Remarkably, Sfard remains optimistic. He believes the occupation, although impregnable now, will eventually end and Israel’s liberal and democratic nature will emerge victorious over its growing nationalistic tendencies. This idealism only makes sense when you remember who is speaking. It’s the human rights lawyer. The one who, against all odds, fights the powerful to uphold the principle of equality for all people before the law.
 The UN General Assembly granted Palestine the status of non-member observer state in 2012. However, the statehood of Palestine is not universally recognized. The term Occupied Palestinian Territory is still widely used to describe the area, even by the Permanent Observer Mission of The State of Palestine to the United Nations.
 In the Israeli legal system, the High Court of Justice (or High Court) is essentially the same as the Supreme Court. The Israeli Supreme Court sits as the High Court of Justice when exercising judicial review over the other branches of government or dealing with matters that do not fall under the jurisdiction of any other court. The High Court acts as a trial court rather than an appeals court.
 I am using the term “wall” because the United Nations General Assembly chose that term to refer to the Israeli construction in a resolution calling for its destruction. The International Court of Justice chose to adopt this usage in its advisory opinion as opposed to “fence” or “barrier.”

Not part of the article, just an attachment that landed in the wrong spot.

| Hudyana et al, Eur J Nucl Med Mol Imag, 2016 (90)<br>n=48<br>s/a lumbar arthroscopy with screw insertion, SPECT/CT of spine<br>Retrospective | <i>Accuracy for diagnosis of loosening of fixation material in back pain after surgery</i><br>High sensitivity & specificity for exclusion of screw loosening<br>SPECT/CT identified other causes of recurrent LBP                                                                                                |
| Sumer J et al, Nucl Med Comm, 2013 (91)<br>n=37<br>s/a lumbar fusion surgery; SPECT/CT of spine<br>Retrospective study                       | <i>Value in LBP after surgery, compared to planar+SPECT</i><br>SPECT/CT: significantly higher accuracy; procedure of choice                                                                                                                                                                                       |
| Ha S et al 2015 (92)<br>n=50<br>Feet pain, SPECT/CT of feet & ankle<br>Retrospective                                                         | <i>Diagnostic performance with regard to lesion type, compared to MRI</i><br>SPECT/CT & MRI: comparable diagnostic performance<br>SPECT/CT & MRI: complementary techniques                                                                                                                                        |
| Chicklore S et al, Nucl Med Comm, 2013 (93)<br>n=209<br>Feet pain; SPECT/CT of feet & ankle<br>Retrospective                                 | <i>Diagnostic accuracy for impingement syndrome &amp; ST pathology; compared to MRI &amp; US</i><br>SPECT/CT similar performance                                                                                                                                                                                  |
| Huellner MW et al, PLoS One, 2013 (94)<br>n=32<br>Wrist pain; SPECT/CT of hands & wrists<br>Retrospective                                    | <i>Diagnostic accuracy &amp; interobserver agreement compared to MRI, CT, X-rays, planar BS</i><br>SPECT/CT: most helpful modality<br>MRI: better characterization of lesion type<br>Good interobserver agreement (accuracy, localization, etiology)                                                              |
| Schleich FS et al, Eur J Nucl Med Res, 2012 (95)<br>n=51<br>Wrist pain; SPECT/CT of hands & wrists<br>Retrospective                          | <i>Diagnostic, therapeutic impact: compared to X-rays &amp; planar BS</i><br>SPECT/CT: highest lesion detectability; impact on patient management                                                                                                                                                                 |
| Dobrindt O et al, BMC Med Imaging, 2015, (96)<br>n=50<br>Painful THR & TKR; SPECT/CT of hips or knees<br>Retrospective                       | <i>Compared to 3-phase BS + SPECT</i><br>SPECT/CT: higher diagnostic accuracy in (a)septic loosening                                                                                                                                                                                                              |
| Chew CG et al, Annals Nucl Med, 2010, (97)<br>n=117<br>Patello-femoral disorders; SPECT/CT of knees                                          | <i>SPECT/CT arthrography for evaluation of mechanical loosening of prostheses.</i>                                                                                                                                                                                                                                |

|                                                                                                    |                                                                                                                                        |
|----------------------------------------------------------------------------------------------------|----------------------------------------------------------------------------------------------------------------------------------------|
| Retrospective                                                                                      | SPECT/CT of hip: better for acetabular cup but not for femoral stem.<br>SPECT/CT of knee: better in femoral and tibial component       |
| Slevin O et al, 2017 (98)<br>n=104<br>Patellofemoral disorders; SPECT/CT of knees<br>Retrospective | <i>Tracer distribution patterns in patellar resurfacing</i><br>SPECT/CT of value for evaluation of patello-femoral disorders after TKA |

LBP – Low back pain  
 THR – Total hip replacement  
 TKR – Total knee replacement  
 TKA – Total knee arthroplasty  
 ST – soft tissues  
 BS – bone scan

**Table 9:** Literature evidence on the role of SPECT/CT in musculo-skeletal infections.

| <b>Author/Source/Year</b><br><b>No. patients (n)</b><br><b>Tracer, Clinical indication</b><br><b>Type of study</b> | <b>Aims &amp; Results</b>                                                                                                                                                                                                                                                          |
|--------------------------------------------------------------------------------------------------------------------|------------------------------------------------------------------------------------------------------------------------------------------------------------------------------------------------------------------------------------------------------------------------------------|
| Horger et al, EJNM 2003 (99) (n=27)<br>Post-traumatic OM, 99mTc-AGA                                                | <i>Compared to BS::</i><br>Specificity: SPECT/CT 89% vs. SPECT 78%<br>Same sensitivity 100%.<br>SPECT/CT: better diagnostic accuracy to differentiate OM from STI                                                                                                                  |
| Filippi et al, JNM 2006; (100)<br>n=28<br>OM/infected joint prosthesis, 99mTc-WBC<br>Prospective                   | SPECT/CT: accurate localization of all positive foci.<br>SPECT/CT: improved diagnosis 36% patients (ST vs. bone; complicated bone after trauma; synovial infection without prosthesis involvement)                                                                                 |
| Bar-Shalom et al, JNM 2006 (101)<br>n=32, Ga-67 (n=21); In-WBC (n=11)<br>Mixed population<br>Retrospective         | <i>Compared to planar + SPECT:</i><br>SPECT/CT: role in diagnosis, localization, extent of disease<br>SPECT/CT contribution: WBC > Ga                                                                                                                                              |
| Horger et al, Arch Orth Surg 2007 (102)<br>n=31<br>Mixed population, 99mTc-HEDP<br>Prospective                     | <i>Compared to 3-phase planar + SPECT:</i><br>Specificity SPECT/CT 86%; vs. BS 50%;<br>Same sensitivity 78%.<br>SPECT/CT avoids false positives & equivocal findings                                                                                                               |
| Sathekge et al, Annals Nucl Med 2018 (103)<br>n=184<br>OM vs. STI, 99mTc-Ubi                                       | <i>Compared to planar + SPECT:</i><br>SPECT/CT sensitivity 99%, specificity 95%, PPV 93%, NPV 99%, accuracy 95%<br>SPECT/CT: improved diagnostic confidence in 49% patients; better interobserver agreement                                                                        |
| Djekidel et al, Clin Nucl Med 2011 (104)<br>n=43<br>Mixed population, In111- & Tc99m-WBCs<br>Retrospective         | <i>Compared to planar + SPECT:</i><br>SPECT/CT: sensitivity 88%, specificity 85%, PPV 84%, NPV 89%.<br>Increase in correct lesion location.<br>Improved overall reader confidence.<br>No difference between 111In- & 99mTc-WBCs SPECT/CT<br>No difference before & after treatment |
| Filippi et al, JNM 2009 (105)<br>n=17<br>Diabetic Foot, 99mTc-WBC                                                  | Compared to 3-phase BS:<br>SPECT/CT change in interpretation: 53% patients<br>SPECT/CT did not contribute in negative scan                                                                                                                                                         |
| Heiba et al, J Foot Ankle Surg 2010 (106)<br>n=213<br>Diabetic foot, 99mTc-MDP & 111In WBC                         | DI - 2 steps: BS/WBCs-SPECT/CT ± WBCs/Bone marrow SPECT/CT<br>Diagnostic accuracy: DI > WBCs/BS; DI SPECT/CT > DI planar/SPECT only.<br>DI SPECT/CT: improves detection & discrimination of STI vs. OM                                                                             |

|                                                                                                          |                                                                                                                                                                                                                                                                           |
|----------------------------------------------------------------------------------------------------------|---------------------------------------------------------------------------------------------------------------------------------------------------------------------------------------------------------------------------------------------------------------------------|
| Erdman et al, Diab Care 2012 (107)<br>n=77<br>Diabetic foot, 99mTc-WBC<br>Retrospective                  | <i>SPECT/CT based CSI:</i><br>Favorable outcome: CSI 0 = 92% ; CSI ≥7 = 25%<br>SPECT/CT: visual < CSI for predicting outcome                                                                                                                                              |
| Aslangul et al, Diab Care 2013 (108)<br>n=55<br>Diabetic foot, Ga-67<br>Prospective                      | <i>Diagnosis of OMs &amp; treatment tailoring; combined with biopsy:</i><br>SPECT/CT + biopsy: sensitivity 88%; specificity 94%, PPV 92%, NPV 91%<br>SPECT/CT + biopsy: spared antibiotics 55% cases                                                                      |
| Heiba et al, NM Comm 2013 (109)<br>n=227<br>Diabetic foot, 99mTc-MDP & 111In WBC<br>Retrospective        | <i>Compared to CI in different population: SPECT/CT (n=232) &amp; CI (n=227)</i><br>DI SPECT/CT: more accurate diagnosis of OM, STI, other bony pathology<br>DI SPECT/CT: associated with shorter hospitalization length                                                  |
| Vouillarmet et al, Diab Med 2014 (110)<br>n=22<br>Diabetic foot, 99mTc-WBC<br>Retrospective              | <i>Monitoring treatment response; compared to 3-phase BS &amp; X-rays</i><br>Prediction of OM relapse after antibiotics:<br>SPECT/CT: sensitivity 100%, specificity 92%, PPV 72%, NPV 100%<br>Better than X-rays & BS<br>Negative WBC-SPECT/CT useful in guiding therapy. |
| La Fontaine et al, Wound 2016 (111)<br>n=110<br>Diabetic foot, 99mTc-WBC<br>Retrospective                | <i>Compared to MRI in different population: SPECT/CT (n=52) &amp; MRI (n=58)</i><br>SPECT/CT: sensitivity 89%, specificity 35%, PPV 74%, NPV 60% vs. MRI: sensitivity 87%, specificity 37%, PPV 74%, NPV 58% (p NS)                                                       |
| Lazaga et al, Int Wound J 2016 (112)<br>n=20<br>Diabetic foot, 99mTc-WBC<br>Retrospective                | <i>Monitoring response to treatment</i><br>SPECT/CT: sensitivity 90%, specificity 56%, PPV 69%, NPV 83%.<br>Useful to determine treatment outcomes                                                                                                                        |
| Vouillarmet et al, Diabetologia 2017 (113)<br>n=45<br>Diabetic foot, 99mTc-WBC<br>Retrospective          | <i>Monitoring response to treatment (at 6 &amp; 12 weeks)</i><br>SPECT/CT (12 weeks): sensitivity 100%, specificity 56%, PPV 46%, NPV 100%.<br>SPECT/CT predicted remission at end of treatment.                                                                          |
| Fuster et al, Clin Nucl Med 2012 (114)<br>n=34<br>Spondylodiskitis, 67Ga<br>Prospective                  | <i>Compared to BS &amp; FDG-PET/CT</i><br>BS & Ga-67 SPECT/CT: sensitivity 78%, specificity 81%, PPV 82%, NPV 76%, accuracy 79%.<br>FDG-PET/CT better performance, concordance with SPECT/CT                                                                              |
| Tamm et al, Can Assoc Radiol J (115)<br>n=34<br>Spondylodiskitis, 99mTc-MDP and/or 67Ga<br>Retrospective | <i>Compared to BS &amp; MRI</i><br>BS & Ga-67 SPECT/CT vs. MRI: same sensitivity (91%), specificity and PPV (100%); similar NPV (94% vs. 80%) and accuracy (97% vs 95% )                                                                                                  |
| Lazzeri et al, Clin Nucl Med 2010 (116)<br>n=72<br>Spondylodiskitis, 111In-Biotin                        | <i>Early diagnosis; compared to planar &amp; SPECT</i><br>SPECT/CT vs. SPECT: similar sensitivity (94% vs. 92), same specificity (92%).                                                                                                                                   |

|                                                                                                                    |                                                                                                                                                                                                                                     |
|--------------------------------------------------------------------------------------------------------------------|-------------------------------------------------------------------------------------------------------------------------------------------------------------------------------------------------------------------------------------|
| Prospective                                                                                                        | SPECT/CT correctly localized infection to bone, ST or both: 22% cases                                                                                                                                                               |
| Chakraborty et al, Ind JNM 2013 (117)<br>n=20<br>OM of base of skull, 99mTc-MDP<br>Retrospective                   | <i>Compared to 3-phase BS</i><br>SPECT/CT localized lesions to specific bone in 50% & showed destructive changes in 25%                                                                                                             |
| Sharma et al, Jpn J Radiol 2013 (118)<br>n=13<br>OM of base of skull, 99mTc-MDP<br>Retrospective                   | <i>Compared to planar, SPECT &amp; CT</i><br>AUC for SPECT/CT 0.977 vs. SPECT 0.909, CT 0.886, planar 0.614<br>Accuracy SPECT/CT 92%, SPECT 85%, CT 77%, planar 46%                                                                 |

It is important to note that those military commanders wield legislative authority in the occupied territories. The orders they issue constitute primary and secondary legislation. They also serve as the head of the executive branch in the occupied territories; they can establish military courts with jurisdiction over security matters.
 The High Court’s decisions, at times, have affirmed the applicability of what Israel calls the “humanitarian provisions” of the 1949 Fourth Geneva Convention and 1907 Hague Regulations that codify the law of occupation. But the rulings have not rejected the government’s claim that the 1949 Fourth Geneva Convention does not apply de jure or en bloc. This arbitrary standard on what to include in the “humanitarian provisions” category gives unrestricted discretion to Israel to reject, for instance, the provision in Article 49(6) of the Fourth Geneva Convention prohibiting the transfer of civilians of the occupying state into occupied territory.
 In its judgment on the legality of this practice in 1979 (HCJ 434/79 Nuzhat Taher Ahmad Sahweil v. Commander of the Area, IsrSC 34(1): 464 (1979), the Court claimed that the laws of occupation would require the occupier to respect the laws in force prior to the occupation. The case is cited to in a series of decisions used to uphold the commander’s ability to issue demolition and sealing orders and which affirm that there is no conflict with international law.
 Palestine lodged a declaration granting the ICC jurisdiction over crimes committed in the occupied Palestinian territory and acceded to the Rome Statute of the International Criminal Court in January 2015.